In addition to her Richard Jury series, Grimes also writes lots of other fiction, including two books making fun of the publishing industry. People often think they’re based on her own knowledge of Knopf, but Grimes says that’s simply not true. She does acknowledge some creative inspiration from an editor she used to encounter who was far too “spiffy” and formal, and the title of the first, “Foul Matter,” comes from an industry term for original manuscripts that have yet to see an editor’s pen. Martha was so astonished by the phrase that she decided to make a book out of it. She’s worked with a number of different publishers over the years, and each finds its way into her send-offs—she doesn’t have anything against anyone, but she thinks the whole industry can sometimes feel stuck in the Middle Ages; it’s slow to adapt to new technologies and can feel too committed to procedure for flexibility. Rollouts for lead titles look substantially different from the kind of limited support given to most authors. These are not only Martha Grimes’ concerns, and publishing is in a never-ending fight to keep up with tech, bring out quality, in-demand content, and still feel, well, human. (Full disclosure: this website is part of that effort).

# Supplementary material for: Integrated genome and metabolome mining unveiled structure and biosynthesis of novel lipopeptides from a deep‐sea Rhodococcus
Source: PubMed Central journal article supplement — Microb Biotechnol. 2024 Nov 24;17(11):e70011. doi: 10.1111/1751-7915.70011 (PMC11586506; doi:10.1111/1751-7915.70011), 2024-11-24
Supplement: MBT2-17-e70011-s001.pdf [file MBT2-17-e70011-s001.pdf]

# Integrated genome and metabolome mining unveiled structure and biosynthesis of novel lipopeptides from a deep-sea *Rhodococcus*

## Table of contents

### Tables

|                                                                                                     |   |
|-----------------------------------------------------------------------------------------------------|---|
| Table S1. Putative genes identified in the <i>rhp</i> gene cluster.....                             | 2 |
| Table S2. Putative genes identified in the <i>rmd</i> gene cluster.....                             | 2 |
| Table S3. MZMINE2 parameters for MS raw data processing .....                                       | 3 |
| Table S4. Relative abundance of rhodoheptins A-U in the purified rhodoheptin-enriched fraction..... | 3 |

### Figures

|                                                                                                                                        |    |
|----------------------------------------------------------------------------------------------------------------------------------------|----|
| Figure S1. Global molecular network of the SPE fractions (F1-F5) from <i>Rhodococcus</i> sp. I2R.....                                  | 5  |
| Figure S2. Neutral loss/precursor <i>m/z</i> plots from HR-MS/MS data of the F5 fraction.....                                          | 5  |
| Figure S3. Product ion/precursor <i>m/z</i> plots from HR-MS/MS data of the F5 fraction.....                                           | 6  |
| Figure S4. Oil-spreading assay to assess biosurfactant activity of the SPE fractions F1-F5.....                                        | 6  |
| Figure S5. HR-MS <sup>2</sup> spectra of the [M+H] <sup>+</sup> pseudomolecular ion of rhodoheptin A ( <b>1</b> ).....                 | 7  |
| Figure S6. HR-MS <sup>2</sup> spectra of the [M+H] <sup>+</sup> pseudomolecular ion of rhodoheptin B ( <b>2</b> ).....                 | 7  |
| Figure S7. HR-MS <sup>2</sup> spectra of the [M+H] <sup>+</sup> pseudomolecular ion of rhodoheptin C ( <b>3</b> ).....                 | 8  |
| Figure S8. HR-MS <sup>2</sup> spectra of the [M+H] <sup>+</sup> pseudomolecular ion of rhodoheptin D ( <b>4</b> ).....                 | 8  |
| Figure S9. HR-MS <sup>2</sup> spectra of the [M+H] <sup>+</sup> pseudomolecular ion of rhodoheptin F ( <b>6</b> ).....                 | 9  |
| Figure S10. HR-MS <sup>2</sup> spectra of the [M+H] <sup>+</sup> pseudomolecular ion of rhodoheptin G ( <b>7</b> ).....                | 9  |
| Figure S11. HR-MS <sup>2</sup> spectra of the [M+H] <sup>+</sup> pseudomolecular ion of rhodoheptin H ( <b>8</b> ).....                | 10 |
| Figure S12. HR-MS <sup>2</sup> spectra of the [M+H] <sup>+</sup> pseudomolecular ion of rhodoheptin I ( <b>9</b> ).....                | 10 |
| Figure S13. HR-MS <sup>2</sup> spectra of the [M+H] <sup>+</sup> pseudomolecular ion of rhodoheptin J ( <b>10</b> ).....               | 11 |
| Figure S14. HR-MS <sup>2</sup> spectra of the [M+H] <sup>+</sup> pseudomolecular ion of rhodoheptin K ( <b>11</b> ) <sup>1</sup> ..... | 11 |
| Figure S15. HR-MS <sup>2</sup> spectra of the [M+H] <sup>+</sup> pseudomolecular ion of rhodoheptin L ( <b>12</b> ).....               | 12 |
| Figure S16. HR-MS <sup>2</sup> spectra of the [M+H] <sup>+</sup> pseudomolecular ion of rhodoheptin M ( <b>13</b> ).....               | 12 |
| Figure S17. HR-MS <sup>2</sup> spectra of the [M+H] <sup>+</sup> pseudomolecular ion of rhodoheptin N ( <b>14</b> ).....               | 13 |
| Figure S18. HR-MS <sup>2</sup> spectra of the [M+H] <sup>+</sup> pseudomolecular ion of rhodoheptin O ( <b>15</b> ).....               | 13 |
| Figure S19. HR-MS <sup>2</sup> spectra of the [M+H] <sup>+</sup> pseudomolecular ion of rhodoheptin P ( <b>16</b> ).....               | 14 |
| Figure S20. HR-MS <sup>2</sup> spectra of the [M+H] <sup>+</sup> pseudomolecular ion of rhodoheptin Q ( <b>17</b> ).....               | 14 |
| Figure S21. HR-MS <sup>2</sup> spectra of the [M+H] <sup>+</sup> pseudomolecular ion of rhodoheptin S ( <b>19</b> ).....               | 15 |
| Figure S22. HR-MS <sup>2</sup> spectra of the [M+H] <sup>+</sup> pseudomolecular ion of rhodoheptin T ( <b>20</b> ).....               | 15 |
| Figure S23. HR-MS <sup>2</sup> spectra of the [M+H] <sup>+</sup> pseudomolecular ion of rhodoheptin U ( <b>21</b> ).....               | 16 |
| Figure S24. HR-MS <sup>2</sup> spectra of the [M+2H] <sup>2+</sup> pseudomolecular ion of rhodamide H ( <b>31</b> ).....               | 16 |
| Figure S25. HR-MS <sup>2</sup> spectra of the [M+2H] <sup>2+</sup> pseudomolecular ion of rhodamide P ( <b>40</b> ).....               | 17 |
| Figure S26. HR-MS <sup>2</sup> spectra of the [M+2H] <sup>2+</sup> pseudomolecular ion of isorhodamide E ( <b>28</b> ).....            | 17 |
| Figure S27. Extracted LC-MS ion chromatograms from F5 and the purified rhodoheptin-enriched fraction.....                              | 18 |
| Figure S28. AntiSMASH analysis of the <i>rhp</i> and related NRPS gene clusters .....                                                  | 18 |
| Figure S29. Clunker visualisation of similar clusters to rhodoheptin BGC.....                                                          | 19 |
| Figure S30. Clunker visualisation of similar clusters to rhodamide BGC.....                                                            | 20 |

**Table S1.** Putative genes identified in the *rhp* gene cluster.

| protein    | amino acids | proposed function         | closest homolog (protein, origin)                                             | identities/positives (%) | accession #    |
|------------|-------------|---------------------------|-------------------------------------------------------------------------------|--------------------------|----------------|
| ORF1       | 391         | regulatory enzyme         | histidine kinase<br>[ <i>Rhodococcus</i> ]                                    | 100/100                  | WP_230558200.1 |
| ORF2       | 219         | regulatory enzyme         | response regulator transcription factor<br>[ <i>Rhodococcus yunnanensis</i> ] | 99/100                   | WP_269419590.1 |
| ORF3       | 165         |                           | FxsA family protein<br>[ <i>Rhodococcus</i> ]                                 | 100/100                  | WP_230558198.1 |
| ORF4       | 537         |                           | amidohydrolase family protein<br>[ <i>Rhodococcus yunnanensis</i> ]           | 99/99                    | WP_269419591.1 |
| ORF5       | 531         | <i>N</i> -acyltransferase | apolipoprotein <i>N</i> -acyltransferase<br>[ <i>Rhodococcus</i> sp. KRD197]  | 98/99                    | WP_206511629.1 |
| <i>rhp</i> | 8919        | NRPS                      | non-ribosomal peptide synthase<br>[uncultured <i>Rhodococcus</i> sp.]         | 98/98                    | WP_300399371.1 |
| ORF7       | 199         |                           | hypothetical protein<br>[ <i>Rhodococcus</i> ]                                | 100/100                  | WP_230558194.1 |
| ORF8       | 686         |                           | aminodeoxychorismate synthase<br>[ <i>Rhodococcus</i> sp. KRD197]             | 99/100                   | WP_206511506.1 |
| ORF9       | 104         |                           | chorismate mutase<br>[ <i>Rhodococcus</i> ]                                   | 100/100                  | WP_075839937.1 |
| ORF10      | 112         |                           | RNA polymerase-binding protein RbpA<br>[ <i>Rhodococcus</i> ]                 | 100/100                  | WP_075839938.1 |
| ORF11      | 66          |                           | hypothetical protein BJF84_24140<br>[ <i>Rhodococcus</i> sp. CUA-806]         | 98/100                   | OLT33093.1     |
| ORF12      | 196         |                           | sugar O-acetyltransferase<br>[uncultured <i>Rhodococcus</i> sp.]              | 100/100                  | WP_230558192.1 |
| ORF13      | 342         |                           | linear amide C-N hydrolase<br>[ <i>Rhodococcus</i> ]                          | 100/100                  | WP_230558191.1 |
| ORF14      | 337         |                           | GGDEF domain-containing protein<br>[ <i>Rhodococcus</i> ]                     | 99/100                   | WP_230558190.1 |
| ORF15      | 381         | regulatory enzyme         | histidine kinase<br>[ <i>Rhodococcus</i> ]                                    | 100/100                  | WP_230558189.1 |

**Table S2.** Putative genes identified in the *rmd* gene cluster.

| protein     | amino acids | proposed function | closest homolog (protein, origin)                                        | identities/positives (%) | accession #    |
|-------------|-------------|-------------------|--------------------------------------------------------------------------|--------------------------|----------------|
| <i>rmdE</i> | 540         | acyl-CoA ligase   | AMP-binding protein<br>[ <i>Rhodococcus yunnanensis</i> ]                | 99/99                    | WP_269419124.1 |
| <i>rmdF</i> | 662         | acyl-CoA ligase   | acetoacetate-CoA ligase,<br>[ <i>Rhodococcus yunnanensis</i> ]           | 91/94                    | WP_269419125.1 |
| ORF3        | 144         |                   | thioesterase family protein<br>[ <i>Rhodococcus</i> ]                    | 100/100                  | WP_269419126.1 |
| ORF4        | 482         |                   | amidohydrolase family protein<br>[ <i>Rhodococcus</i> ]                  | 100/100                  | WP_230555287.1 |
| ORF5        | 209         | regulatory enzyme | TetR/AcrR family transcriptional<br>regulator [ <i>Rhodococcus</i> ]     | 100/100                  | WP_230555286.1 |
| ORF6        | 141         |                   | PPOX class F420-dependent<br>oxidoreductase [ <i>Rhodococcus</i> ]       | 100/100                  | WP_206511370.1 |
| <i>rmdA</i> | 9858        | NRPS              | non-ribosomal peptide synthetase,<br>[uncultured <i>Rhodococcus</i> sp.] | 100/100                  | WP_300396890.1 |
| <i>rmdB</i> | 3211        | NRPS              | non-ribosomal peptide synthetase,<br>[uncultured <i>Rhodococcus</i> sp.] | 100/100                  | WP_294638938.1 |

I ask her how she’d want publishing to change, and she responds that she’d really have to think about that, but the thing she wants the most is an industry that communicates—with its authors, and with the public at large. She also wants to see an industry dedicated to the truth, no matter how uncomfortable. She finds it ironic that communication should be so difficult, “in this our age of communication.” She looks around and sees a world full of people staring at their phones, none talking to each other. We’re replacing deep thinking with catchphrases, keeping up with Instagram influencers better than our own families. She hates email, and she especially hates opening an email to see the phrase “hope you are well.” She sees it in every email, and no longer trusts the sentiment to be heartfelt. I admit that I send out my fair share of formulaic emails. Martha smiles and says that she treats each email “like a letter.”
She gets a lot of emails from fans, which are always nice. She used to get letters, and she wonders why people don’t write personal letters any more. She especially can’t stand to see a death announcement delivered electronically. People should notify someone of a death more personally. She also wishes more people sent flowers.
I ask her a question I ask all female writers, because I feel like women don’t get asked about craft enough: what’s her advice to aspiring mystery writers? Her advice to writers is the same as her general advice in life: never, ever, ever, ever, give up. Grimes’ take on writing feels a bit like Douglas Adams teaching us how to fly: just start writing, and then, don’t stop. The trick to flying is to fall, and never hit the ground.
Grimes also urges us to never let style go by the wayside—twists and turns mean nothing if the words themselves lack power. Her favorite works are driven by style, not plot; she doesn’t think style can be learned—“If you have it, you have it, and if you don’t, you don’t.” And both Martha Grimes and her characters have plenty of style.
Originally published on: